Thursday, December 02, 2010
I had it planted there, in the place of an unsightly hole in the front yard of the rectory, and called it "The Jaime Tree" in honor of our eldest daughter who died December 2, 2004.
Today is the sixth anniversary of her death.
I've just written those words, but it's still hard to get my head wrapped around them.
She was a beautiful young woman. Intelligent. Passionate. Feisty. Opinionated. Articulate. Willful. Compassionate. Funny. And, beautiful. Truly.
Her name comes from the French J'aime: "I love".
She loved to read. She loved music. She loved to cook. She loved Christmas. She loved surprise gifts. She loved her husband and family. She loved her new puppy, Lenny. She loved Boston. She loved to dance. She loved to walk. Long walks. Especially at night. Or, during a storm.
She was just like that.
I find great comfort that there's a 'Jaime Tree'. That it is in Chatham, NJ - a place where she would never - EVER - live, matters not. She loved the city. Boston, preferably. Where she could walk. And see lots of different people.
Here's what matters: That there is a memorial to her - a living, breathing thing that grows in a formerly unsightly hole in the front lawn of the rectory and fills it with beauty - is a balm to my grieving soul.
And, I think, makes her smile.
Here's the problem with grief. Everyone says it "gets better".
It does not.
It doesn't get better. It doesn't get worse. It just . . .is.
Which is why grief is a problem. It never goes away. Not really. Ever.
It weaves itself in and out throughout time and space, sometimes tripping over itself, tangling itself in the strings of the heart, bumping into the tender places that are just starting to heal, getting caught and stuck in the broken places.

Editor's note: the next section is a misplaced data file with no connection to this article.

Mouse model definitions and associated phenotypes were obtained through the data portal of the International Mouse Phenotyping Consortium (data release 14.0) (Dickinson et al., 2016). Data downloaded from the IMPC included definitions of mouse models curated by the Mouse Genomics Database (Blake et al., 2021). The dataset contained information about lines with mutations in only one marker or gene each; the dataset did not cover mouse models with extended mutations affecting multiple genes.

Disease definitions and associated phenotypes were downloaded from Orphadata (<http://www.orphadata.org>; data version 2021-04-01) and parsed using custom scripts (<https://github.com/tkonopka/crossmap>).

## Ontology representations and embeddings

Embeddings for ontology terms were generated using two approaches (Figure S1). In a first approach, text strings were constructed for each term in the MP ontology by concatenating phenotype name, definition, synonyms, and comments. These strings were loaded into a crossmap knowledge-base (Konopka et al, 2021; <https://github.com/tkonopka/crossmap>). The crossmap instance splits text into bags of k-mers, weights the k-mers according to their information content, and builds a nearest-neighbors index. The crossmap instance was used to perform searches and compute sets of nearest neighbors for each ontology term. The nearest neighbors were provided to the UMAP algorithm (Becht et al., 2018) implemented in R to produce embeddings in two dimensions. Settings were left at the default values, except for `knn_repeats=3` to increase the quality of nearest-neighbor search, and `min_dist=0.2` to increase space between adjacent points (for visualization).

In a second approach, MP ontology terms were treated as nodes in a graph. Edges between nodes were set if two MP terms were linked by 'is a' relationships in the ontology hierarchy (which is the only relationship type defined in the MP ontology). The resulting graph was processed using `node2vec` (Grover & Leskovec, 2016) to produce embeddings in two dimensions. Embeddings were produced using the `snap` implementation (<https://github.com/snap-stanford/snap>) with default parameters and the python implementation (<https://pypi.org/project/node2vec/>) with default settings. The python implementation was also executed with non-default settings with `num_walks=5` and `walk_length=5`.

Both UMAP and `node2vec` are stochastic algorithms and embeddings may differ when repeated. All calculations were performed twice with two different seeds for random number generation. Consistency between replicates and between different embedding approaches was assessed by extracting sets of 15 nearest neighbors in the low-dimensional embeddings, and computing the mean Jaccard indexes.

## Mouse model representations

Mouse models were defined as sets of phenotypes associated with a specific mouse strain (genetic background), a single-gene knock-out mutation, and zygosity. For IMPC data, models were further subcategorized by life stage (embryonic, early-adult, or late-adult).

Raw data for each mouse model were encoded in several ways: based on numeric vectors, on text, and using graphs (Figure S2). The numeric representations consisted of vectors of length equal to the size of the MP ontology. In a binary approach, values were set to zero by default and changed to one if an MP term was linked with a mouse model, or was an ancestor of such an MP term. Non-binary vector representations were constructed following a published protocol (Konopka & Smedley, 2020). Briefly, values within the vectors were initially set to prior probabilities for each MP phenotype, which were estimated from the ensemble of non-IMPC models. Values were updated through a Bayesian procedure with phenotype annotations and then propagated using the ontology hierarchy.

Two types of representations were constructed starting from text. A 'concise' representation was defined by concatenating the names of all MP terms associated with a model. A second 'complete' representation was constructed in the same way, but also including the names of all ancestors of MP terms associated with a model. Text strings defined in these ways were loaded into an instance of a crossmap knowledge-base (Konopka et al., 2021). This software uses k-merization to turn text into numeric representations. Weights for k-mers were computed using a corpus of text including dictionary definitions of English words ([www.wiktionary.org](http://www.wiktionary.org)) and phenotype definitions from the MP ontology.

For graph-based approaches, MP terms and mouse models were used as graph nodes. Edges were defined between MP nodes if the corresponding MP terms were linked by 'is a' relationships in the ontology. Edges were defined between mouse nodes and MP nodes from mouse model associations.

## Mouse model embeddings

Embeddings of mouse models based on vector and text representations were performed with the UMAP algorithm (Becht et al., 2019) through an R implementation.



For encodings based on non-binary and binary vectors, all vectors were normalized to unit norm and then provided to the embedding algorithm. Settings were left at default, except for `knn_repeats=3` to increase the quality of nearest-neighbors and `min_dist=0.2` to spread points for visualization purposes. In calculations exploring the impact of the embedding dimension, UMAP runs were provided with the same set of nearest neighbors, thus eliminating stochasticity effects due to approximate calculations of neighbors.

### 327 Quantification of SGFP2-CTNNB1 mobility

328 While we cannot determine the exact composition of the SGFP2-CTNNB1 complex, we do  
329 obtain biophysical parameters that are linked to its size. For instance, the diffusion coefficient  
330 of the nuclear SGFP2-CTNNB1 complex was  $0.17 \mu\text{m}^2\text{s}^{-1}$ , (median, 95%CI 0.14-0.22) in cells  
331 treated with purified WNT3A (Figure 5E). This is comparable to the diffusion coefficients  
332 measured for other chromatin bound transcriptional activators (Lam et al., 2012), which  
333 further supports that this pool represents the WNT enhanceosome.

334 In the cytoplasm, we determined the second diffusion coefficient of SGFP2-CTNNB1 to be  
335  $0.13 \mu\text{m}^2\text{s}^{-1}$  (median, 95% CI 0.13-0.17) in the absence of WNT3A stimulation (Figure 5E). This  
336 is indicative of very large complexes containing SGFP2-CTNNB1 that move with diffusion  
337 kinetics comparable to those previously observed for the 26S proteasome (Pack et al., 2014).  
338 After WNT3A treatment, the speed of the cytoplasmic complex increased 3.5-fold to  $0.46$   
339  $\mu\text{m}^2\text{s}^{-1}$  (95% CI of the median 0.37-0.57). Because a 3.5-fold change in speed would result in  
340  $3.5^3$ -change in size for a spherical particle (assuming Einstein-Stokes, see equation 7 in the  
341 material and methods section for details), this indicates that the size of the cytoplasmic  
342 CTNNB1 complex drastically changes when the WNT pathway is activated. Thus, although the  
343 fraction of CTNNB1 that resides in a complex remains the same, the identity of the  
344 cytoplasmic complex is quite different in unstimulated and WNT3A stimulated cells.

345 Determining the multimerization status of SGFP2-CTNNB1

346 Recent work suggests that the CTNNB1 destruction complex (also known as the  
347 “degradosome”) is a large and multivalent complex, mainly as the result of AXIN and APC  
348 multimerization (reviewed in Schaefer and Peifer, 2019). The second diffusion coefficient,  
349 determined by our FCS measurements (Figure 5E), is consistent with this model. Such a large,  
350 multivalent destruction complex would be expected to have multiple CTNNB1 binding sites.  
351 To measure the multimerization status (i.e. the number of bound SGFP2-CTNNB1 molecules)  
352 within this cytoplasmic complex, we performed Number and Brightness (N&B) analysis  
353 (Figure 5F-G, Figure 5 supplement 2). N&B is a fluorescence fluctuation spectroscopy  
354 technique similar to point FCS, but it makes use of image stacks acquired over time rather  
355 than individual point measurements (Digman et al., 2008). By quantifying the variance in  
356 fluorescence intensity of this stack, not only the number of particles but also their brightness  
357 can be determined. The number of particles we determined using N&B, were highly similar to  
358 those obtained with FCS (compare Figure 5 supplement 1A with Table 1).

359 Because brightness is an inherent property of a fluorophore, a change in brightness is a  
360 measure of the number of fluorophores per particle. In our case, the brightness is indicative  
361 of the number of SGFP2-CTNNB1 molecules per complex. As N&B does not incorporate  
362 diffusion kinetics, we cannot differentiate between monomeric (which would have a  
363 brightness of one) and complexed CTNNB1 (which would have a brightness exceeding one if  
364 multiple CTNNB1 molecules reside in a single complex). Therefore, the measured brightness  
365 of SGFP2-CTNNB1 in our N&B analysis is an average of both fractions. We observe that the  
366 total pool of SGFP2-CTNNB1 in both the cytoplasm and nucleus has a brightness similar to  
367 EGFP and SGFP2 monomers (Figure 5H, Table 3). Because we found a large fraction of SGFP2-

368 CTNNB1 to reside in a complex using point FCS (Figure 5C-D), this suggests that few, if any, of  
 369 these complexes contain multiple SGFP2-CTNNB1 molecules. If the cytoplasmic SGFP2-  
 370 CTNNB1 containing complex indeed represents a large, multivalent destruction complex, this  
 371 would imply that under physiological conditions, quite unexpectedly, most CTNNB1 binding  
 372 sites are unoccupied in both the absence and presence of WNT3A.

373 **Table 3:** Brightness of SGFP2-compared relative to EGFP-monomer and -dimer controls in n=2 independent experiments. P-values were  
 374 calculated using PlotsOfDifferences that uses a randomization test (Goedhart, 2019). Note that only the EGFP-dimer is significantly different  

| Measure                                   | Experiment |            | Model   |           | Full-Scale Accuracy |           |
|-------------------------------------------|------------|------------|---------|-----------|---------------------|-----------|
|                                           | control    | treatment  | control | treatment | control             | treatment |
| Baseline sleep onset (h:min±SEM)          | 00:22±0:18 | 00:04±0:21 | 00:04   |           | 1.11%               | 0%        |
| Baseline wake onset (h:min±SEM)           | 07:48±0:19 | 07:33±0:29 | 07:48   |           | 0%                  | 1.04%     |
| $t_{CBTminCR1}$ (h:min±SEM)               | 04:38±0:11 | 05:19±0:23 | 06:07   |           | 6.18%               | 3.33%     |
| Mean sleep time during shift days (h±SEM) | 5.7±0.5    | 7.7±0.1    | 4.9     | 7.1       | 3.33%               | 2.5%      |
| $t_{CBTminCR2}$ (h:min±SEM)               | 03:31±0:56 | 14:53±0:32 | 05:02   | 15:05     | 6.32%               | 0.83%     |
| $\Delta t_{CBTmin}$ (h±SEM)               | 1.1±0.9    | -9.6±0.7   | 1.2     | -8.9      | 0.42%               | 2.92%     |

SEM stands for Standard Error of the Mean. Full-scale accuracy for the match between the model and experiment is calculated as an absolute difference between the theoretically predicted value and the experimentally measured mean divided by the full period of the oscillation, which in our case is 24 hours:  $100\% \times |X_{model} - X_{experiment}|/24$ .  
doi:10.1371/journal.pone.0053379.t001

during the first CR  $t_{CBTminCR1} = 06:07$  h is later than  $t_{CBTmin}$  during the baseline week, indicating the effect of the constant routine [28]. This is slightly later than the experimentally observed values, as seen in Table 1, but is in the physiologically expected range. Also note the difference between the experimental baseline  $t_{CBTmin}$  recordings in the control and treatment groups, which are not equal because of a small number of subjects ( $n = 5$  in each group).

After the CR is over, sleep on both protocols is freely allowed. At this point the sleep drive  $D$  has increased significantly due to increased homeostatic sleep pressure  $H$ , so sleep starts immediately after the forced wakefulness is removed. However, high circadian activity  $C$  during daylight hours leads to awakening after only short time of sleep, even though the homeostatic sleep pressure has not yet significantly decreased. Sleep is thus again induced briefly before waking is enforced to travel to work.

It makes unwanted appearances at family gatherings or milestones. Shows up unexpectedly in the aisle of a grocery store when a certain tune comes over the speaker - even in a "muzak" version. Catches you off guard while looking for a birthday card which would have been perfect for her.
And you find yourself weeping, trying to avoid the stares and gawks of other unsuspecting customers. You dry your tears and think to yourself, repeating the lie you've told yourself and dismissed a hundred times before, "Damn it! I thought it was suppose to get easier over time."
It doesn't. It just . . . .is.
The lie is worse than the truth. Isn't that often the case?
Even accepting that isn't easy. Indeed, accepting grief as a constant companion - learning how to walk and talk and live with it - is some of the hardest work I've ever done. Much harder than giving birth.
Worse is that people try to "help". Some try to get you to "talk about it" - even when that's the last thing you want to do. Some try so hard to say "the right thing" they end up making it worse.
And, some try to get you to go to church. Sigh. I know this is going to sound terrible for a priest to say, but sometimes, church is the last place in the world a grieving person wants - or even needs - to be.
Too many people. Even though you know you shouldn't - don't really want to - be alone. Too much 'well intended kindness' can be even more painful than the need - the ache for - kindness.
Too many memories. Good ones. Bad ones.
An inescapable sense of judgment. Shoulds. Oughts. Maybes.
So, you'll excuse me if I take my leave today. I'm going into Rehoboth Beach to walk the Boardwalk and listen to the ocean. Watch the seagulls cry out as the waves crash on the shore. Lose myself in the cold, steel-gray-blue sky. Feel fleeting moments of the warmth of the sun as the cold ocean breeze slaps itself against my face. My hands. My body. My tears.
Remind myself about the small mercies and great mystery of being fully alive.
Look into some of the beautiful ocean side homes and see if I can catch a glimpse of a Christmas tree, by the window, dressed in lights and tinsel and ornaments.
And, pick over the broken, torn pieces in my heart, untangling the web of grief, searching for small slivers of gratitude. And, hope. And, comfort. And, joy.